The Fault in Our Stars was the number one movie at the box office the weekend of June 6-8, http://www.boxofficemojo.com/weekend/chart/. In honor of that, I’m reposting this.
There’s a little movie coming out next weekend. You may have caught one of the (ahem) few promos for it. It’s a small, (cough cough), low-budget (more throat-clearing) adaptation of John Green’s modest young adult love story, The Fault in Our Stars. So before the Hollywood has a chance to ruin this lovely story of two doomed teen-agers sharing one night of love on a final romantic trip to — ah, you thought I was going to say Verona, didn’t you? — Amsterdam, read the durn book people.
If you insist on cheating, here is a link to the movie trailer: http://youtu.be/_Li8uojsfGc.
The novel is beautiful, in the way only a book about teen-agers in first love (with a touch of osteosarcoma or thyroid cancer with lung mets) can be. And I’m not giving anything away here. Hazel Grace, the narrator, tells us on page one that “Cancer is a side effect of dying. Almost everything is, really.” Hazel Grace is a courageous, funny, warm, imminently empathetic narrator. She provides startlingly humorous insights into the world of “cancer perks” for “cancer kids,” the support group happening “literally inside the heart of Jesus,” and the philosophy of living metaphorically. She addresses her life with black humor that particularly appears when a friend, nurse and/or family member makes a reference such as “I could have died.”
Hazel Grace has a quest involving a book and an author and how can you not love a girl like that? Augustus Waters meets Hazel during support group and after reading her book, decides to become involved and help make her wish come true.
I’ve written before about the urgency of young love, first love. Without their youth, Romeo and Juliet would just seem foolish. But at sixteen, everything, especially love, is literally a matter of life and death. Pardon me for the use of literally there, Hazel Grace. But I meant it literally, unlike the number of instances in which the word is incorrectly used as Hazel and Gus enjoy pointing out to one another.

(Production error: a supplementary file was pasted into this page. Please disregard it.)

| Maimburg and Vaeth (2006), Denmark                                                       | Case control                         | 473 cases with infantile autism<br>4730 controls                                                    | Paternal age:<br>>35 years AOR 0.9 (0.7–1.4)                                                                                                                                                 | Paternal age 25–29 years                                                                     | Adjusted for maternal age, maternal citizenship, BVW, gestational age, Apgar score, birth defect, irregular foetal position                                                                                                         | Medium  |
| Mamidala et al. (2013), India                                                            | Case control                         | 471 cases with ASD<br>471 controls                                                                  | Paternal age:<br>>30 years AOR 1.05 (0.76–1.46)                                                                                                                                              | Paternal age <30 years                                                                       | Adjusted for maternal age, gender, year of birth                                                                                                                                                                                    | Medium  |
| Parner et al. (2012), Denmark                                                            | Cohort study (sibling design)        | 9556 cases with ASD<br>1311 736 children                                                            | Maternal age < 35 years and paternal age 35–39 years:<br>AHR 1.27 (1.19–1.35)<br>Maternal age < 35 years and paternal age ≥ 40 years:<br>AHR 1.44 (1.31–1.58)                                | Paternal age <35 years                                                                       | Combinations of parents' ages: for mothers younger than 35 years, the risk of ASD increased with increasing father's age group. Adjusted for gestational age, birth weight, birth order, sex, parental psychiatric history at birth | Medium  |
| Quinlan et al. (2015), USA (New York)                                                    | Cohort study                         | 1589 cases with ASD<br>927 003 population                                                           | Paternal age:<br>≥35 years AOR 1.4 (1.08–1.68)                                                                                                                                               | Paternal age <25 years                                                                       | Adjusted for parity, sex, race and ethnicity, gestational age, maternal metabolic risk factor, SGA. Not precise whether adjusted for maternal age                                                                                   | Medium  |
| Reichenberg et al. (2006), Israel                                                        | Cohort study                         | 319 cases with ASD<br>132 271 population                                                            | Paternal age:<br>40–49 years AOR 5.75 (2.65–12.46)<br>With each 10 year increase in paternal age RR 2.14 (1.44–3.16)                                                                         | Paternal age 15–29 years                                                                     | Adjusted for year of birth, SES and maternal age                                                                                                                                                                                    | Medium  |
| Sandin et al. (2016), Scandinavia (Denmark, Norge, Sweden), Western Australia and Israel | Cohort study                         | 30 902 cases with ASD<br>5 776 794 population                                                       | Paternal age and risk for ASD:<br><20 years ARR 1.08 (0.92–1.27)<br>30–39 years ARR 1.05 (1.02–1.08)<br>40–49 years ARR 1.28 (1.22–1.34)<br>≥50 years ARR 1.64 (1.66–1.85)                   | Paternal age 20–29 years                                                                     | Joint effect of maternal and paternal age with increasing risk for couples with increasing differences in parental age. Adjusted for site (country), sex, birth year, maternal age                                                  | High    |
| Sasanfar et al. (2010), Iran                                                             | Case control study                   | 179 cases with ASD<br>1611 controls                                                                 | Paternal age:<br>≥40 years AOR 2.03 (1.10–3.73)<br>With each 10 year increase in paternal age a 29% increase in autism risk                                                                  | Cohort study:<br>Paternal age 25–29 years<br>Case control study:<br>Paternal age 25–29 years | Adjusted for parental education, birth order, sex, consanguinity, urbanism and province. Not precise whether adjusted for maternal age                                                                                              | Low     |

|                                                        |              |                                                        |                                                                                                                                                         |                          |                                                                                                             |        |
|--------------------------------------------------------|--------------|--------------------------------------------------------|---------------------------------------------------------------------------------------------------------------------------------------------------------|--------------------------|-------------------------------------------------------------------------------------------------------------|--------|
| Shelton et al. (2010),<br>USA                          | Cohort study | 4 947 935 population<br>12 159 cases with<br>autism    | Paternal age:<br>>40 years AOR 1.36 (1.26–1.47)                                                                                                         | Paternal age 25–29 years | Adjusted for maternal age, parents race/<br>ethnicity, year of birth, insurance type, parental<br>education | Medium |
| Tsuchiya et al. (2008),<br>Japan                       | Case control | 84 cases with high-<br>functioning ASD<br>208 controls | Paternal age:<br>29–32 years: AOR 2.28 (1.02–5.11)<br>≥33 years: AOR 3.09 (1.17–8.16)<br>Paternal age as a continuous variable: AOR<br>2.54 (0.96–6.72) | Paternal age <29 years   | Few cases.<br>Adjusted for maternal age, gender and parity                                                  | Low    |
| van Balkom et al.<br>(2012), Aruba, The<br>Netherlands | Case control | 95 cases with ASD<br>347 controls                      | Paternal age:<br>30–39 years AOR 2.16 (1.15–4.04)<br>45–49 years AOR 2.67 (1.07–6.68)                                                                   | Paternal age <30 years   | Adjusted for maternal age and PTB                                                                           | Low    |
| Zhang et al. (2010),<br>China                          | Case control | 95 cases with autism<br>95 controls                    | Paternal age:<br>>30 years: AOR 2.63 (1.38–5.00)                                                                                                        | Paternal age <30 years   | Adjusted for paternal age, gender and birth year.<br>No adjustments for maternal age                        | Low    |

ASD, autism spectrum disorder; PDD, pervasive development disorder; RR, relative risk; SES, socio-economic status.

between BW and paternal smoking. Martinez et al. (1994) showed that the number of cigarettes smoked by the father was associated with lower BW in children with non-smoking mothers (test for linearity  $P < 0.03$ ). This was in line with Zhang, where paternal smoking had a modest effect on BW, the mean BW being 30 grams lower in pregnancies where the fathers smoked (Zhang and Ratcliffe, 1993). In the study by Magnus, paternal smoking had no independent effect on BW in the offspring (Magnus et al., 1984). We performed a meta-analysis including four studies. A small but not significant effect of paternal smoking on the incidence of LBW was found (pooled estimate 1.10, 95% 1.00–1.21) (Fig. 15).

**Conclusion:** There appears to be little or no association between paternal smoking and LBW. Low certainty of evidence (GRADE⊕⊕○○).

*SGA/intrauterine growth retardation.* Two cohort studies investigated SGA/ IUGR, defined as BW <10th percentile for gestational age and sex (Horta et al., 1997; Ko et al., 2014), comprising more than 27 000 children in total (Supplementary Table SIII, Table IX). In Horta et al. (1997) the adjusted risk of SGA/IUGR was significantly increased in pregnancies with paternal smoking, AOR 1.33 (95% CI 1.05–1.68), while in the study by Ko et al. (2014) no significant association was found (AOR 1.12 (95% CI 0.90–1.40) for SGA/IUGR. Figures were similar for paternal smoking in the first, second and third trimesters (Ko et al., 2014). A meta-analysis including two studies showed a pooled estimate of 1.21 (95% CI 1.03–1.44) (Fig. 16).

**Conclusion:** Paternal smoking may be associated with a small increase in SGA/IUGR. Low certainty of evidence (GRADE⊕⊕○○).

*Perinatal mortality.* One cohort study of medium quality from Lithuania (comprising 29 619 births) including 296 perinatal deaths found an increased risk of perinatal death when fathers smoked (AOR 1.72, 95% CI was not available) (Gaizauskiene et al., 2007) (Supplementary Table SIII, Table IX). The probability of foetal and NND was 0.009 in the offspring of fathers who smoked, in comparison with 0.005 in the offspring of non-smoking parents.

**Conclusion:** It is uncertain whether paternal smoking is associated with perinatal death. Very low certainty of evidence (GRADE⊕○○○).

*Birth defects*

The only way to increase the urgency would be if one of those lovers were about to be married off to a loathsome spouse . . . or dying of a fatal and incurable disease. And for Hazel and Gus, they are young and in love. And John Green has just one-upped William Shakespeare.
And then we were kissing. My hand let go of the oxygen cart and I reached up for his neck, and he pulled me up by my was it onto my tiptoes. As his parted lips met mine, I started to feel breathless in a new and fascinating way. The space around us evaporated, and for a weird moment I really liked my body; this cancer-ruined thing I’d spent years dragging around suddenly seemed worth the struggle, worth the chest tubes and the PICC lines and the ceaseless bodily betrayal of the tumors.
I realized that my eyes were closed and opened them. Augustus was staring at me, his blue eyes closer to me than they’d ever been, and behind him, a crowd of people three deep had sort of circled around us. They were angry, I thought Horrified.
. . . And then they started clapping. All the people, all these adults, just started clapping, and one shouted “Bravo!” in a European accent. Augustus, smiling, bowed. Laughing, I curtsied ever so slightly, which was met with another round of applause.
Augustus and Hazel have a lovely vegetarian meal in Amsterdam. I am relaying it here. I don’t have any recipes as yet, but if I can locate any, I will share them.
White asparagus with lavender infusion
Dragon Carrot Risotto
Sweet Pea sorbet
Green Garlic Gnocchi with red mustard leaves
Crémeux with passion fruit
Gus and Hazel live in Indianapolis and travel together to Amsterdam. Given my love of John Mellencamp, I would definitely include his music, most definitely Jack and Diane. Starry, Starry Night by Don McLean. I Only Have Eyes for You, by Nat King Cole. Stardust (by Hobie Carmichael — also a Hoosier). The Avett Brothers’ music matches perfectly the mood of this book.
So read, enjoy and make sure you finish it sitting in a big, comfy chair with a box of tissues.